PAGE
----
Doomscrolling also intensifies fear and anxiety. Rumination, a harmful habit that exacerbates depression, is triggered by scrolling through gloomy news headlines. It can also make you feel anxious, sometimes leading to panic episodes.
It will keep you awake at night
Doomscrolling will keep you up at night. Many people read through their social media accounts before night, which increases tension just when you’re attempting to go to sleep. Sleep deprivation exacerbates stress, metabolic health, and of course other mental health difficulties, perpetuating the vicious cycle.
The consequences for mental health can be more severe
4 Tips On Reducing The Amount Of Time You Scroll Through Your Phone
Neurolinguistic programming coach Rebecca Lockwood explains that it starts with reducing the amount of time you scroll on your phone. Full stop.
Check Your Phone At Allocated Times
Setting an allocated amount of time for scrolling through your phone is an extremely effective method. It helps a lot to cut down your screen time. By doing so you will become much more present both with yourself and the people around you.
Turn Off Your Notifications
This tip may seem obvious, but reducing the constant stream of notifications that get sent to your phone is an important step. Taking some time to yourself away from your phone can be a great way to reconnect with your surroundings.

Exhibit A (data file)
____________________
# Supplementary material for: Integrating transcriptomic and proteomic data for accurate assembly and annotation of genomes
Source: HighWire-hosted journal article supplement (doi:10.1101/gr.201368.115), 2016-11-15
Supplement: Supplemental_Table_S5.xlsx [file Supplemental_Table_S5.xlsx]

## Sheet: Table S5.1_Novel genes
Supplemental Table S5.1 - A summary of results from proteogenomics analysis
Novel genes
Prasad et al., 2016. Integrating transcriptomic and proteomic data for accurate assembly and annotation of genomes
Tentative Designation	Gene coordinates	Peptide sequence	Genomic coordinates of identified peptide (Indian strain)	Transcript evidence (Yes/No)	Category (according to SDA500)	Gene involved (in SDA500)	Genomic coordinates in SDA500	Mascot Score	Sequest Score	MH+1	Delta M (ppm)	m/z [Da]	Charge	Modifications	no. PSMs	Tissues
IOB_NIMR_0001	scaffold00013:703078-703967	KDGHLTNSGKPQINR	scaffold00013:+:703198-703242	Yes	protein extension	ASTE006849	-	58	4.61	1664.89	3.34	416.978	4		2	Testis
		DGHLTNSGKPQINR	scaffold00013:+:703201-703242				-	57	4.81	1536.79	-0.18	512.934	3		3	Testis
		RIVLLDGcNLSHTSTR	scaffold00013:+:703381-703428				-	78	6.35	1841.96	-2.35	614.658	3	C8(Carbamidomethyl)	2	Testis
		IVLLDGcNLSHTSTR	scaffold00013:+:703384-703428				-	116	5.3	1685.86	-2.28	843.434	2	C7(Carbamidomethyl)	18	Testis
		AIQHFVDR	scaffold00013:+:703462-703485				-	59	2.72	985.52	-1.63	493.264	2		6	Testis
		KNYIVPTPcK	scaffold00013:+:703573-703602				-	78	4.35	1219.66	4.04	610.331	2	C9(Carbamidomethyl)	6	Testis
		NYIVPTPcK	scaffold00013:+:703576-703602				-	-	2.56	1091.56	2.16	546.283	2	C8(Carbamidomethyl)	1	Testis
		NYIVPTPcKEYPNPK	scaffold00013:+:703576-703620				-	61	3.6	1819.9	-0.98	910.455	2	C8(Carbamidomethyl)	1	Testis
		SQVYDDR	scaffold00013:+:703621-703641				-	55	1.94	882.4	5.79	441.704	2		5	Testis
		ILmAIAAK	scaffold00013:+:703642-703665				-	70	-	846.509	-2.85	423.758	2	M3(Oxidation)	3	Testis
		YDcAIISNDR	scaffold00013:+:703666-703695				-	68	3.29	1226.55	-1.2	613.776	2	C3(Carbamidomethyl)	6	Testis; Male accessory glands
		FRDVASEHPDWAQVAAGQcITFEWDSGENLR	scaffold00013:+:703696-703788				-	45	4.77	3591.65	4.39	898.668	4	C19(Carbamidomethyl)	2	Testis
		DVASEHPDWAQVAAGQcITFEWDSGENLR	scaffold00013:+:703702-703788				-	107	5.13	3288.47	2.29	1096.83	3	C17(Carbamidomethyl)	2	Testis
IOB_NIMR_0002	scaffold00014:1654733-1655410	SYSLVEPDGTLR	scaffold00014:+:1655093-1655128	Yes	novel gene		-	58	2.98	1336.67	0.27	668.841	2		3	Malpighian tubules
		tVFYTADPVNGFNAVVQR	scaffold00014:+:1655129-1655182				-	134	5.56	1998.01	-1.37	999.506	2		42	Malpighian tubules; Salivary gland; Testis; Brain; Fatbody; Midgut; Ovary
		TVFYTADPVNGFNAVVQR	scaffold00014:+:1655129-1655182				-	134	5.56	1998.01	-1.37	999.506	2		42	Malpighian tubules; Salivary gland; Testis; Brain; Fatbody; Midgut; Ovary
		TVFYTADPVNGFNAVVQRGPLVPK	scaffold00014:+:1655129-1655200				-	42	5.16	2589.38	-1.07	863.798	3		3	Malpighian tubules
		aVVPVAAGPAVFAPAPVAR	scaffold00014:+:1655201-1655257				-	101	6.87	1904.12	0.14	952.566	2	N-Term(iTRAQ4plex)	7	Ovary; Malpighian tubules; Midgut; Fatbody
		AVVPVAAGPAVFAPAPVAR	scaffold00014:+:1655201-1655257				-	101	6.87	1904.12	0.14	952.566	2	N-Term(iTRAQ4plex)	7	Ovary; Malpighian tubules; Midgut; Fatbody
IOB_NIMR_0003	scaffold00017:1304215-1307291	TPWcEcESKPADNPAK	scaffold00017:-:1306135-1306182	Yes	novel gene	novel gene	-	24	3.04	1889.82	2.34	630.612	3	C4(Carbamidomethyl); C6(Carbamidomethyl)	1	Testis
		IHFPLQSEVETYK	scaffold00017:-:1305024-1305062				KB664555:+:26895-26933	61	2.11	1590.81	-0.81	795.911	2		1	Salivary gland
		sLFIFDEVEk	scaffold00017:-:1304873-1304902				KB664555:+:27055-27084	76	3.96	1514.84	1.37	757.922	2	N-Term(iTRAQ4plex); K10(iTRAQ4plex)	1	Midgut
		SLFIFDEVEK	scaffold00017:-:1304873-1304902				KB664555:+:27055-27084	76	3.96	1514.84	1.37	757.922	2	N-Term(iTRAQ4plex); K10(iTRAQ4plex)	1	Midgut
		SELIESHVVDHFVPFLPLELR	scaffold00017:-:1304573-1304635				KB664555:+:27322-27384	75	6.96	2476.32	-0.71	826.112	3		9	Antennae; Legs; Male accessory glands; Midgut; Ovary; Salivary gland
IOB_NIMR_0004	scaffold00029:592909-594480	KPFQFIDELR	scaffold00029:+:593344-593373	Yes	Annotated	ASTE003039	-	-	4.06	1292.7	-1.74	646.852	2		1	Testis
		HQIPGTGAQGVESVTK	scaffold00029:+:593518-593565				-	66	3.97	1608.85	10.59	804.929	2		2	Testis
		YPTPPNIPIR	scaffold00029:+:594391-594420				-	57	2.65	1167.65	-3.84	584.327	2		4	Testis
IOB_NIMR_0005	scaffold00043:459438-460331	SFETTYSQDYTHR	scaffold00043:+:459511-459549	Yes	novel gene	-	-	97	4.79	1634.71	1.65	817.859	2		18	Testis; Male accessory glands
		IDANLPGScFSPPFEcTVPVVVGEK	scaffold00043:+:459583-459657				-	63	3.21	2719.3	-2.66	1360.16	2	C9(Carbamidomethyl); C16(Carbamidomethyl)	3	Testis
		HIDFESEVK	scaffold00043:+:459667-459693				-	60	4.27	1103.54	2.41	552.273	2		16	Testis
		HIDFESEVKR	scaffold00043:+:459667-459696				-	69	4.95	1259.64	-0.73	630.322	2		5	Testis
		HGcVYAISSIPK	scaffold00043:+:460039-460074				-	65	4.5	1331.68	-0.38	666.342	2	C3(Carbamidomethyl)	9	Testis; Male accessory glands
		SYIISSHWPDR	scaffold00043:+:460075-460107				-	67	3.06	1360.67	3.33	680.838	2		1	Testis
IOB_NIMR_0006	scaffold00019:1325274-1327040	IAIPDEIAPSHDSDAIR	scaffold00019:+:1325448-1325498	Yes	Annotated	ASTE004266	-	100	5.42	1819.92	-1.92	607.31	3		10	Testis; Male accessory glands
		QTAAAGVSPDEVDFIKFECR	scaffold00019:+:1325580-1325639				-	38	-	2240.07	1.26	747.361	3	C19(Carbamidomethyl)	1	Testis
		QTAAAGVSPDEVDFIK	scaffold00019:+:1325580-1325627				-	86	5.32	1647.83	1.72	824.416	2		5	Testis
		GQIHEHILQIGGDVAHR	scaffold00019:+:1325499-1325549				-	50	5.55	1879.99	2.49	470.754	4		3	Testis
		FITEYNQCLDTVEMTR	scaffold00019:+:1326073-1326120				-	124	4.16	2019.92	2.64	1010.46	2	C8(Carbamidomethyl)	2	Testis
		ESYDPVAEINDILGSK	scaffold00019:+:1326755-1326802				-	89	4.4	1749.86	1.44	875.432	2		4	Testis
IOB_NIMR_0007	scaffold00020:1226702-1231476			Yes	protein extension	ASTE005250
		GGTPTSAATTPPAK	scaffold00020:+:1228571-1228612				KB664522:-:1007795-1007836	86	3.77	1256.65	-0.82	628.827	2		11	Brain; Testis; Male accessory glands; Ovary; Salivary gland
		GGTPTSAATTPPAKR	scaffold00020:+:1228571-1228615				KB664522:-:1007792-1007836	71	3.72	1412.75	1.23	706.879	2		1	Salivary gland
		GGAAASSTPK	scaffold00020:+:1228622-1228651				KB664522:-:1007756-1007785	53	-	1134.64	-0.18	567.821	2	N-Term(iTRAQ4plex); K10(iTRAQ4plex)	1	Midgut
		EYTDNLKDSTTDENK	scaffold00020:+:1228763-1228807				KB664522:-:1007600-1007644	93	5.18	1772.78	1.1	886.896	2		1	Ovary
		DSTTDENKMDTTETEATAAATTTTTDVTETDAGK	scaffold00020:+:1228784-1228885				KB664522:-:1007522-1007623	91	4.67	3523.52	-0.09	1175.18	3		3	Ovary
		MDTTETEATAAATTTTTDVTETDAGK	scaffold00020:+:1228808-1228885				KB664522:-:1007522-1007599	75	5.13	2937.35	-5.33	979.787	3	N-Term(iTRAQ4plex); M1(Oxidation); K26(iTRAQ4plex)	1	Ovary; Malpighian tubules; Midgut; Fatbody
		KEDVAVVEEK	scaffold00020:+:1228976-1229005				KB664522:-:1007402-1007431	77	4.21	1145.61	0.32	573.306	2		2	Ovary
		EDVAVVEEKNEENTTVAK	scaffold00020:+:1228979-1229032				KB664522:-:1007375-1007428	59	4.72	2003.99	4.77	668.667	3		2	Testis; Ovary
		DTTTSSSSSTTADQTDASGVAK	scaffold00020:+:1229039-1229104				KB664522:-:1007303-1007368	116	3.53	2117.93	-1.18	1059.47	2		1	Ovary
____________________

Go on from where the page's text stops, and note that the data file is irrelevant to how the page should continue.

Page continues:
Leave Your Phone In A Different Room
For some, turning off their notifications may not be enough to keep themselves away from their devices. Creating some distance between you and your phone is important especially when you are spending quality time with loved ones. By doing so, you make space for real connections and conversations.
Delete Social Media Apps To Avoid Aimlessly Scrolling
This will not only help with the habit and amount of time that is spent on scrolling, but also help reduce any negative impacts social media may be having on you.
How to STOP doomscrolling
First, you need to check to confirm that the news source you’re reading is legitimate.
In addition, make it a practice to read happy news and to share it with your friends and family.
The STOP method
Try the STOP method. If you’re having trouble controlling the scrolling, use the STOP method. If you feel you’ve gone too far with your screen time and can’t control your fingers, say STOP loudly while giving yourself a physical stimulus, such as a tap on the hand. When you do this often enough, your brain will learn to recognize when it’s time to quit what you’re doing.
Do a digital detox
From time to time, it’s a great idea to do a total digital detox. Here are some ideas on how to detox from your screen.
The bottom line
We are all living with enough challenges, we do not need to pile more on. Become more conscious of how much you scroll through your phone, particularly if you are doomscrolling. Then address it before it gets out of hand. You will gain time to do far better things with your time. You will find life easier to take head-on.
If you want to learn more about the Lenstore study’s facts and insights, click here doomscrolling.